If you’ve been following along in the last couple of columns (see here and here), I’ve described the need within evangelicalism for leaders who can fend off threats coming at the church from multiple directions. We’re trained to spot threats that only come from one side (usually the left or the right) and because we miss the bigger picture, we leave our congregations vulnerable to dangers that arise from other points.
In the previous post, we considered the role of the internet and social media in making it harder for leaders to issue warnings to their own “tribes” about dangers relevant to their particular context. So, what can be done? If we need “multi-directional leadership” (that is, leadership that engages challenges coming from multiple directions, not just one), what can we do to push against the forces that make these skills so rare?
Suggestions for Church Leaders
If you’re a pastor, you’re a leader. You may not have influence all over the country or around the world, but as a pastor, you exercise authority in the sphere in the field and for the flock God has given you. As a shepherd, you’re responsible for protecting the sheep from dangers, and even if your eye is trained to spot wolves that may approach the flock from one corner of the field, you should want to be the kind of shepherd who can see dangers that might threaten your flock from other entry points.
As leaders, whether we have larger or smaller spheres of influence, we should want to get better at multi-directional leadership, and the way we will do so is by recognizing and resisting a number of temptations. Here’s the first.
Temptation #1: Ignore the real needs of people in favor of their preferences.
The first temptation is that we prescribe the medicine our congregations prefer rather than the medicine they need. We get used to diagnosing a narrow set of spiritual sicknesses, mixing a narrow set of prescriptions, and being alert to a narrow set of potential dangers. The flock may be happy, but they’re not safe.
In 1 Thessalonians 5, Paul exhorts the family of God to “warn those who are idle, comfort the discouraged, help the weak,” and “be patient with everyone.” Four different prescriptions. To know when you’re supposed to warn, comfort, and help, you need God’s wisdom and guidance.
Notice that Paul doesn’t give a blanket “Here’s how you treat everyone” type of command. Why not? Because we don’t always need the same thing. It takes wisdom to know what your congregation needs. It may be that an idle and lazy person needs a tough word of warning about spiritual drift. It may be that someone else needs the encouragement that comes from a pastor who knows how to comfort people well. It may be that someone physically or spiritually weak needs help in other ways. Different problems require different remedies.
Matt Smethurst puts it this way:
“Paul is a physician of souls, prescribing different medicines for different maladies, and he expects ordinary church members to do the same.”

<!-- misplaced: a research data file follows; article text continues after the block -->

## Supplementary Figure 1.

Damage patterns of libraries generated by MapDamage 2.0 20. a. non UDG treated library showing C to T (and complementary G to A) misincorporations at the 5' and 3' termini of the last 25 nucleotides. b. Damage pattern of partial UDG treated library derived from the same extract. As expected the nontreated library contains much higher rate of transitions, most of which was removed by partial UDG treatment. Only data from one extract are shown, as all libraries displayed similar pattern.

Variety of Threats, Variety of Needs
Multi-directional leaders recognize threats that come to the flock from more than one direction. They also recognize the variety of needs among their people and, with the Word of God as their medicine, they issue different warnings and prescriptions. The opposite of this approach is to just give people whatever they want—the flavor that will make them feel better in the short term or that will make them feel affirmed in whatever direction they already prefer.
Don’t Reinforce Itching Ears
In another letter, Paul warned Timothy about the temptation to satisfy itching ears. We may think that “hard preaching” is the way to avoid that temptation. But remember, it’s possible to issue strong warnings about specific dangers and yet still be an ear-tickling preacher. How? Because itching ears want teachers who will tell them what they want to hear. And, sadly, many congregations hope to hear a preacher who every week will tell them what’s wrong with everybody else.
An Example from the Past
One of the famous revivalists of the past century, Billy Sunday, was known for his fiery preaching against various sins of immorality, personal vice, and his strident opposition to alcohol. He wasn’t afraid to take on people’s sins. Certain sins, that is. Curiously missing from his litany of evils was the racism of the era that provided cover for the resurgent KKK and would lead in the following years to the Great Migration.
Before Sunday’s visit to Washington, D.C., in 1918, pastor Francis Grimké urged him to speak prophetically about racism. Sunday chose not to. Reflecting later on the event, Grimké wrote:
The members of our white churches are now, doubtless, patting themselves on the shoulder, chuckling in their sleeves, congratulating themselves upon the fact that they have passed safely through the ordeal of Mr. Sunday’s diatribes, his scathing criticisms and denunciations without once being called to time by him for this sin [of racial prejudice].
As chronic self-justifiers, we crave a message that puffs us up. Ear-tickling preaching may be fiery; it may be loud; it may step on toes, but they’re never the toes of the people in the pews or the pastor in the pulpit.
If we issue warnings regularly about dangers coming to the flock from only one side, we may gain short-term acclaim from church members, but we will leave them vulnerable to dangers and challenges coming from other directions. We must be courageous enough to pursue multi-directional leadership, even when the medicine may be unpopular.
That’s the first temptation we must resist. I have more suggestions for leaders that I will lay out in upcoming columns.